We took off for St. Barts motorsailing in squalls to the windward side to get a good angle to St. Barts.  The weather got uglier, the wind picked up to 28 apparent, and when we cleared the barrier reef after a few miles, the real Atlantic hit us hard. We thought the swells were bad inside but going toward the Windward Pass was a real re-education. It was time for me to go up and reef the main and we hadn’t done any prep for heavy weather sailing so I pulled the plug and spun the boat for Road Bay. Just spinning the boat was a challenge. Once we got the hook in at Road Bay the rains really cut loose and the winds shifted to the South so our decision to bail seemed good.

Airborn Dinghy

December 8, 2011 Posted by Deb

We cleared in to customs at Anguilla and my initial plan was to tear into a long list of new sailing related projects. Deb talked me into a hike and we got our gear on. At about that point, the charter boats headed out to the outer islands and the weather turned very nice. We heard good things about Prickly Pear island so we changed our minds again. Deb went in to get a permit for Prickly Pear (it is a marine park) while I did jam cleat bypass surgery. When she came back, I found out that we had just invested $50 in lunch (that was our reason for going out to Prickly Pear).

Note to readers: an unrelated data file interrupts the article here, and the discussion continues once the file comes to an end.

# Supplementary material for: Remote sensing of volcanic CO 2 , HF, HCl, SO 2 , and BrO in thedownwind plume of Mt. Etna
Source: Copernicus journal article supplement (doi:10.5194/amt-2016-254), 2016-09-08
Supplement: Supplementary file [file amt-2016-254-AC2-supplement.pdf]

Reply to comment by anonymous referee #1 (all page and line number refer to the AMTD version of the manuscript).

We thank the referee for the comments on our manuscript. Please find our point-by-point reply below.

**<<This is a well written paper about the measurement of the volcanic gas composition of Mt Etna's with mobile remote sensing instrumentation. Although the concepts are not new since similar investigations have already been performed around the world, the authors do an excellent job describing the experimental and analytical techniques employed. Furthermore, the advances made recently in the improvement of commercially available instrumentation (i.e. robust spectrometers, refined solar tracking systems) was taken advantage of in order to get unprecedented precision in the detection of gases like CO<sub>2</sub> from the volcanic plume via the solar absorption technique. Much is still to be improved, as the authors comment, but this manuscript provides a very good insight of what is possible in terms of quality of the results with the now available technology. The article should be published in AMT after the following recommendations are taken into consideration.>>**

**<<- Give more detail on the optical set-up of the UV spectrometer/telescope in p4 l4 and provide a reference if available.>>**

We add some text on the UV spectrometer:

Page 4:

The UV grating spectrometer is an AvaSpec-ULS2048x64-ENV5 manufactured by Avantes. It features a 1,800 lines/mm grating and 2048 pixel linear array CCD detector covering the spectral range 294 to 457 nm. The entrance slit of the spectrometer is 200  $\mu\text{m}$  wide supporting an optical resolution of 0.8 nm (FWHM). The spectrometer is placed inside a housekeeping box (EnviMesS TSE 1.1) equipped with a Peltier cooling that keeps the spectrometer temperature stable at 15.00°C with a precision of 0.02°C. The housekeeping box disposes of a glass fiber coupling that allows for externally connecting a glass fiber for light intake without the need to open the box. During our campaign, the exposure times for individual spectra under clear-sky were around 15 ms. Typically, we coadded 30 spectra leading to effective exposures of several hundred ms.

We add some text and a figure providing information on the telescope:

We passed the perfect tropical island on the way out to Prickly Pear and went on by.